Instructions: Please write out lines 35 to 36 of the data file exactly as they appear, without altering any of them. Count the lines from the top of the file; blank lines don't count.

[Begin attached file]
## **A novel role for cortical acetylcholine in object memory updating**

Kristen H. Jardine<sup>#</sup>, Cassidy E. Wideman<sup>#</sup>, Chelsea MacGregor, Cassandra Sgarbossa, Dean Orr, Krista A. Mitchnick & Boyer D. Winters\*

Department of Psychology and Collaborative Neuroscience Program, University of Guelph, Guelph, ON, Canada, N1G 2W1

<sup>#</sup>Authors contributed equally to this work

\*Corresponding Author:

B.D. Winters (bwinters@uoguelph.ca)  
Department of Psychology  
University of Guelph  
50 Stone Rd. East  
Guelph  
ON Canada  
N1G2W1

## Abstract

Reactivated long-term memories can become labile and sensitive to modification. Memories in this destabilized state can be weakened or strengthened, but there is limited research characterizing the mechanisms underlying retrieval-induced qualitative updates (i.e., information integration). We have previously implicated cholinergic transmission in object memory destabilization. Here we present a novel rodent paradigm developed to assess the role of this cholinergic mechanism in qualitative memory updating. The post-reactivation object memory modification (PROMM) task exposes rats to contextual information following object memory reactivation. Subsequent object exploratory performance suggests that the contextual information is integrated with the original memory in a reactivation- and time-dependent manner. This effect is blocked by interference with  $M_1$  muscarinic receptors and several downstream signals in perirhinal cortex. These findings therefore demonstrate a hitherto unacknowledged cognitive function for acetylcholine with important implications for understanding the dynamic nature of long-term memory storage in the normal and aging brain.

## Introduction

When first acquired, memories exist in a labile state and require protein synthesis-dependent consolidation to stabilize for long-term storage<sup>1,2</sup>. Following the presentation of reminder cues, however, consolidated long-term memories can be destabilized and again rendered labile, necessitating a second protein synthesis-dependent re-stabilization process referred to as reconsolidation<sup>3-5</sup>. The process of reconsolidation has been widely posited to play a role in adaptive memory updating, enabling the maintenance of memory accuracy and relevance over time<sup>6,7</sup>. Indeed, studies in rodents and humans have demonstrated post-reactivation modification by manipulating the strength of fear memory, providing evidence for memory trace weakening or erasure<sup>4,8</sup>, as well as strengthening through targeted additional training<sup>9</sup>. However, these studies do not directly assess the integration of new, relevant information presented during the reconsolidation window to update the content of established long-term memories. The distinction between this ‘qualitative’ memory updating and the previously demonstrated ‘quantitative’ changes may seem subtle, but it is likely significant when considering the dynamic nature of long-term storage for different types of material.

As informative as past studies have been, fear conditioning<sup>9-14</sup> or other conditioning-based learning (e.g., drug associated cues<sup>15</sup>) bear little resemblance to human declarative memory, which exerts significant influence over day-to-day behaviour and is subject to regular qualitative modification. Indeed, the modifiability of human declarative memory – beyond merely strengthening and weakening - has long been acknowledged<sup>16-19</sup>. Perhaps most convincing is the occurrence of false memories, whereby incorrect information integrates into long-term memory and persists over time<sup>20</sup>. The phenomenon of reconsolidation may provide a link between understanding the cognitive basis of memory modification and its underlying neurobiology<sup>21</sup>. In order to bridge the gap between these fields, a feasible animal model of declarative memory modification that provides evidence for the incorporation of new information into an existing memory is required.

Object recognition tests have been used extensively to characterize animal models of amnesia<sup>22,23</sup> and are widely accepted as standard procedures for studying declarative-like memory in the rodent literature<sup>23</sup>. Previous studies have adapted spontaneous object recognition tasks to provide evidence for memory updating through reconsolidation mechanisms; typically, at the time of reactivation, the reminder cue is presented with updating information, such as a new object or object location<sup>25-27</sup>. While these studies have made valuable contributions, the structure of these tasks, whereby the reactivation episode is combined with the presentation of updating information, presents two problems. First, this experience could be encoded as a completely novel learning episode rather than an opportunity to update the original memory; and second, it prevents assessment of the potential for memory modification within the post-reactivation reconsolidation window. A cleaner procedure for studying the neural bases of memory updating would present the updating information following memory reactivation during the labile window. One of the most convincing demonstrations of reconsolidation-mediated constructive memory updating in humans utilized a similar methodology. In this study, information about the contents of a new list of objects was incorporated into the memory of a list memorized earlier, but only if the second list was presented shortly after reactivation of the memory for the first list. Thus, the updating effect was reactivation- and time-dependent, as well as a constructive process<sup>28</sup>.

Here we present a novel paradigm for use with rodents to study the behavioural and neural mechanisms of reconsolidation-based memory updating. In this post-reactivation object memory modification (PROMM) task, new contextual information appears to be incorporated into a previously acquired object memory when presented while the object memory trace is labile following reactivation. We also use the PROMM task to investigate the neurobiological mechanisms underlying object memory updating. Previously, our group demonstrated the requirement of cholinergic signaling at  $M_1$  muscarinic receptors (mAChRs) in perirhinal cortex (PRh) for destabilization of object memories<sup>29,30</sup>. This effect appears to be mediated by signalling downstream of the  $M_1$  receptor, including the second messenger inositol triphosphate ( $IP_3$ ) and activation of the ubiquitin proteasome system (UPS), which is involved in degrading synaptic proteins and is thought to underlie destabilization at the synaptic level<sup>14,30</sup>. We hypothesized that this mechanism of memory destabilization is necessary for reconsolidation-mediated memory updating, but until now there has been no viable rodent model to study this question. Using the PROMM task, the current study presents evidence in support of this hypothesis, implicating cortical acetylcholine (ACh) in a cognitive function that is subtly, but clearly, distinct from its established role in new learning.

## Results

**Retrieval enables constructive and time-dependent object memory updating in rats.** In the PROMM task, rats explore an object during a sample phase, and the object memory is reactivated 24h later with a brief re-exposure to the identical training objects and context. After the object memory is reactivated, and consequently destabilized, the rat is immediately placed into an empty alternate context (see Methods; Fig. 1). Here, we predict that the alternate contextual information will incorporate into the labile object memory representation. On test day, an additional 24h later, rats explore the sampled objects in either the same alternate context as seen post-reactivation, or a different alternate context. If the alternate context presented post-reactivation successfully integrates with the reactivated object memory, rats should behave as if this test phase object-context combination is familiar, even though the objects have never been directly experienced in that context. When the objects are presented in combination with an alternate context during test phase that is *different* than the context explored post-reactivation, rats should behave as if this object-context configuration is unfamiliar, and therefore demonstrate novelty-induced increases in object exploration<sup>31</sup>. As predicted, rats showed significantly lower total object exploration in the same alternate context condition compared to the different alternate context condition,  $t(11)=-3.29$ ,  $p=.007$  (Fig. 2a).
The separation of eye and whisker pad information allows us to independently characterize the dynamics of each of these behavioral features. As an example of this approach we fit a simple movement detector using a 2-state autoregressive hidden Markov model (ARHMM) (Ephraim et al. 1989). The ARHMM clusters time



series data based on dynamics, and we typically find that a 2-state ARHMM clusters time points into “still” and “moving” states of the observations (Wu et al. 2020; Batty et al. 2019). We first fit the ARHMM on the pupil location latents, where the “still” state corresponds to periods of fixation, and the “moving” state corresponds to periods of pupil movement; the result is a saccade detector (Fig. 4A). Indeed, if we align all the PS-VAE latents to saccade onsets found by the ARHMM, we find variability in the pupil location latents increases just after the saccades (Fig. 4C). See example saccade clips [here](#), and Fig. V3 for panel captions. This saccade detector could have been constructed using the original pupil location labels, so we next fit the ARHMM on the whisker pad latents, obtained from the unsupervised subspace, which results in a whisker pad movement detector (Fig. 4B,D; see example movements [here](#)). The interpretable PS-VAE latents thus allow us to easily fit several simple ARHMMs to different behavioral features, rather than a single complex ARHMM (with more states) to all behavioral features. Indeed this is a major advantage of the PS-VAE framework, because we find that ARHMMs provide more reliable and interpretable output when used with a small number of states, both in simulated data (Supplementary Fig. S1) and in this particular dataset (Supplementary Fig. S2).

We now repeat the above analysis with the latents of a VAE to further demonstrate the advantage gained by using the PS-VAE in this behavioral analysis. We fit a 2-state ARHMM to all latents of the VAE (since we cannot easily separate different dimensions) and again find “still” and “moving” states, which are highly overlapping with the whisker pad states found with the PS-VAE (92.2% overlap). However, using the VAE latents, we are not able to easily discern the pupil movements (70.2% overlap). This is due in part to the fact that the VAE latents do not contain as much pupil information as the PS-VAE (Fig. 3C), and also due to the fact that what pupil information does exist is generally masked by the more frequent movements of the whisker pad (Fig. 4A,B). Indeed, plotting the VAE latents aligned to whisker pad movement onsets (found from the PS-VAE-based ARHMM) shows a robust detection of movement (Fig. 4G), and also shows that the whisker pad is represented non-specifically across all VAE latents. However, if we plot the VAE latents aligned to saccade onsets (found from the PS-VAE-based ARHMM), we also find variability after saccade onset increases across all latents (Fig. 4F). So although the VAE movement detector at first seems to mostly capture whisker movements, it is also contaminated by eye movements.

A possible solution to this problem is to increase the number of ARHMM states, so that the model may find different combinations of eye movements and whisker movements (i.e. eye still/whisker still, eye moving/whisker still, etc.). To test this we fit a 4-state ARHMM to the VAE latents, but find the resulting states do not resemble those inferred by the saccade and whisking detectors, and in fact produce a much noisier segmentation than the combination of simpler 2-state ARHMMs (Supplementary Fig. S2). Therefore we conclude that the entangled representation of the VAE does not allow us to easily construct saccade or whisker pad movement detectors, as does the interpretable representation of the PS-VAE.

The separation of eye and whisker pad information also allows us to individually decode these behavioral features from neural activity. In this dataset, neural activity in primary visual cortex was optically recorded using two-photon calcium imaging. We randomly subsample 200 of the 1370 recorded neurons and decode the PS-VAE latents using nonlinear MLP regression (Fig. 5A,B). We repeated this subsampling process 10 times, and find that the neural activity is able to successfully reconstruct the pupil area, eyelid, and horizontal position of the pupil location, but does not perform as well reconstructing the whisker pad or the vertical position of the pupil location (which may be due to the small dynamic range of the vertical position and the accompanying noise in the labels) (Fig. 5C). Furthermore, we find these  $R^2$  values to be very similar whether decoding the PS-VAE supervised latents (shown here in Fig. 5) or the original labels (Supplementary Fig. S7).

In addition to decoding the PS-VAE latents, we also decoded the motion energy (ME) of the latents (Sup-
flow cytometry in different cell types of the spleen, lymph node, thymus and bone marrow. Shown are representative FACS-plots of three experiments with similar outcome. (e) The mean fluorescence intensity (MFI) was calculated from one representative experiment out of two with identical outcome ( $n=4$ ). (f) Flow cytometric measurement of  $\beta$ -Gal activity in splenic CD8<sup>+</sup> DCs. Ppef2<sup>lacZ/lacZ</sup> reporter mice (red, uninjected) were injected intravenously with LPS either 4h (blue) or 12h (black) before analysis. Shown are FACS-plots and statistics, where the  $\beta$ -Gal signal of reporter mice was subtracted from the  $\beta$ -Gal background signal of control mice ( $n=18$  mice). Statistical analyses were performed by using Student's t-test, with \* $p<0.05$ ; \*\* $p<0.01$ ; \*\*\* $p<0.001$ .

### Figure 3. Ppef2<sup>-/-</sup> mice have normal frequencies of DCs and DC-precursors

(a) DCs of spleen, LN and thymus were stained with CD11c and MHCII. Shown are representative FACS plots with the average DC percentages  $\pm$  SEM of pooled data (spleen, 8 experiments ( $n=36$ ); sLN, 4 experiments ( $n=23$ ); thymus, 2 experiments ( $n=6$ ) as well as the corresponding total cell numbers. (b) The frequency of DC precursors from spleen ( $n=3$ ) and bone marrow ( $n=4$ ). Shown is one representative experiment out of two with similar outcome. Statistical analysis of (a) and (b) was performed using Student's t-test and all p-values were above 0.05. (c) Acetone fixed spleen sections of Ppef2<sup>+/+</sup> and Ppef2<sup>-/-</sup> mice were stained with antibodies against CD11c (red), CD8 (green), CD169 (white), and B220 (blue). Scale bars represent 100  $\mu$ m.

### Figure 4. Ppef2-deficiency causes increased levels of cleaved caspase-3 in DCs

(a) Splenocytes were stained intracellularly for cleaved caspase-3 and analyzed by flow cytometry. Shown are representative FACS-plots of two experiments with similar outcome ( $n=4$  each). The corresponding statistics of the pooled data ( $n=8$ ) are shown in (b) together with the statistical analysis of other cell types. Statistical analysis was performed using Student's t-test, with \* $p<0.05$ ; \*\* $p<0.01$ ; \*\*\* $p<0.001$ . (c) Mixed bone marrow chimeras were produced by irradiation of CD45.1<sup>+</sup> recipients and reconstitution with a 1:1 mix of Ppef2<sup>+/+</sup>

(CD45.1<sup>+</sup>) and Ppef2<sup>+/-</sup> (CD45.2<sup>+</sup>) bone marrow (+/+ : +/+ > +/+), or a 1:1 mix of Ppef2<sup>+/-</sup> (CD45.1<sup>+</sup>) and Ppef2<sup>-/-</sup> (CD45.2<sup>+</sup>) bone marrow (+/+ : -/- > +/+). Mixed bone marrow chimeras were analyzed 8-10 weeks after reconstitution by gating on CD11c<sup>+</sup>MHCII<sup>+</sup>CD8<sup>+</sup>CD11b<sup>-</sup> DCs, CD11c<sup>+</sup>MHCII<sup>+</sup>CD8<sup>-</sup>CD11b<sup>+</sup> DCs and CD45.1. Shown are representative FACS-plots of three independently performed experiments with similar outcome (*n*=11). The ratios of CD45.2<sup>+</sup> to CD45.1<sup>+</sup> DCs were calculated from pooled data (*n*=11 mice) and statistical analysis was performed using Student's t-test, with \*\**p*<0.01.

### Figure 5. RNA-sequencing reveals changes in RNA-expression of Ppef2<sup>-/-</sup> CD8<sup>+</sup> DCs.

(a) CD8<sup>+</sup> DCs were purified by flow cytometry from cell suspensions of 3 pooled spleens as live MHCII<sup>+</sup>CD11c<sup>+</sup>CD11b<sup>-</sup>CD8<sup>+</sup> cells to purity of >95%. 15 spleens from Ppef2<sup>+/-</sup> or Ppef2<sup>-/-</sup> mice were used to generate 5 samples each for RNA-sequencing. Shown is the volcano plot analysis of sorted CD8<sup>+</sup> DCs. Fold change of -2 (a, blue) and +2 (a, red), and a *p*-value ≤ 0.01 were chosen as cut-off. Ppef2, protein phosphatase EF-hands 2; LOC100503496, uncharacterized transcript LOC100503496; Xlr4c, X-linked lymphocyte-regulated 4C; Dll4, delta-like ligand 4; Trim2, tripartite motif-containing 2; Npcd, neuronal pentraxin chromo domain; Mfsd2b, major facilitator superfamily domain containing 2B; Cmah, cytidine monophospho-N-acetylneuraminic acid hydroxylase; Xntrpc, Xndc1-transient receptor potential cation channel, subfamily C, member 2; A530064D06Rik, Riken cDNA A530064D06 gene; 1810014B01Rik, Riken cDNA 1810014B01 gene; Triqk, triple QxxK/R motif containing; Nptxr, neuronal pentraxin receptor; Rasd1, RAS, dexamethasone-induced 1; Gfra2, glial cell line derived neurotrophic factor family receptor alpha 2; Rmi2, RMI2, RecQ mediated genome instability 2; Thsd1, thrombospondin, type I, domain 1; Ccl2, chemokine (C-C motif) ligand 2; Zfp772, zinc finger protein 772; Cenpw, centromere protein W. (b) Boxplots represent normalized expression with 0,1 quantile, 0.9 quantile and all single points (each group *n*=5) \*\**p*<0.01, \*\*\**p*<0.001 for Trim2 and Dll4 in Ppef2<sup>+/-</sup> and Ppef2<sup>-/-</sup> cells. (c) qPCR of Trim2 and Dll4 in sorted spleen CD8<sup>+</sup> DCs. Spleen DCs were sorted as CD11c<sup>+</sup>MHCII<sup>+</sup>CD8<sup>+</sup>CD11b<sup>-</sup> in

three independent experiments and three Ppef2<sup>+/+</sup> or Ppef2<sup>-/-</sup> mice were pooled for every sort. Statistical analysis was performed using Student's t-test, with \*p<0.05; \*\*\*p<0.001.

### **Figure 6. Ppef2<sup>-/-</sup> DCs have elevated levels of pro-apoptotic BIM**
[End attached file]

(a) CD8<sup>+</sup> DCs were purified by flow cytometry from cell suspensions of 3 pooled spleens as live MHCII<sup>+</sup>CD11c<sup>+</sup>CD11b<sup>-</sup>CD8<sup>+</sup> cells to purity of >95%. 15 spleens from Ppef2<sup>+/-</sup> or Ppef2<sup>-/-</sup> mice were used to generate 5 samples each for RNA-sequencing. Shown is the volcano plot analysis of sorted CD8<sup>+</sup> DCs. Fold change of -2 (a, blue) and +2 (a, red), and a *p*-value ≤ 0.01 were chosen as cut-off. Ppef2, protein phosphatase EF-hands 2; LOC100503496, uncharacterized transcript LOC100503496; Xlr4c, X-linked lymphocyte-regulated 4C; Dll4, delta-like ligand 4; Trim2, tripartite motif-containing 2; Npcd, neuronal pentraxin chromo domain; Mfsd2b, major facilitator superfamily domain containing 2B; Cmah, cytidine monophospho-N-acetylneuraminic acid hydroxylase; Xntrpc, Xndc1-transient receptor potential cation channel, subfamily C, member 2; A530064D06Rik, Riken cDNA A530064D06 gene; 1810014B01Rik, Riken cDNA 1810014B01 gene; Triqk, triple QxxK/R motif containing; Nptxr, neuronal pentraxin receptor; Rasd1, RAS, dexamethasone-induced 1; Gfra2, glial cell line derived neurotrophic factor family receptor alpha 2; Rmi2, RMI2, RecQ mediated genome instability 2; Thsd1, thrombospondin, type I, domain 1; Ccl2, chemokine (C-C motif) ligand 2; Zfp772, zinc finger protein 772; Cenpw, centromere protein W. (b) Boxplots represent normalized expression with 0,1 quantile, 0.9 quantile and all single points (each group *n*=5) \*\**p*<0.01, \*\*\**p*<0.001 for Trim2 and Dll4 in Ppef2<sup>+/-</sup> and Ppef2<sup>-/-</sup> cells. (c) qPCR of Trim2 and Dll4 in sorted spleen CD8<sup>+</sup> DCs. Spleen DCs were sorted as CD11c<sup>+</sup>MHCII<sup>+</sup>CD8<sup>+</sup>CD11b<sup>-</sup> in

three independent experiments and three Ppef2<sup>+/+</sup> or Ppef2<sup>-/-</sup> mice were pooled for every sort. Statistical analysis was performed using Student's t-test, with \*p<0.05; \*\*\*p<0.001.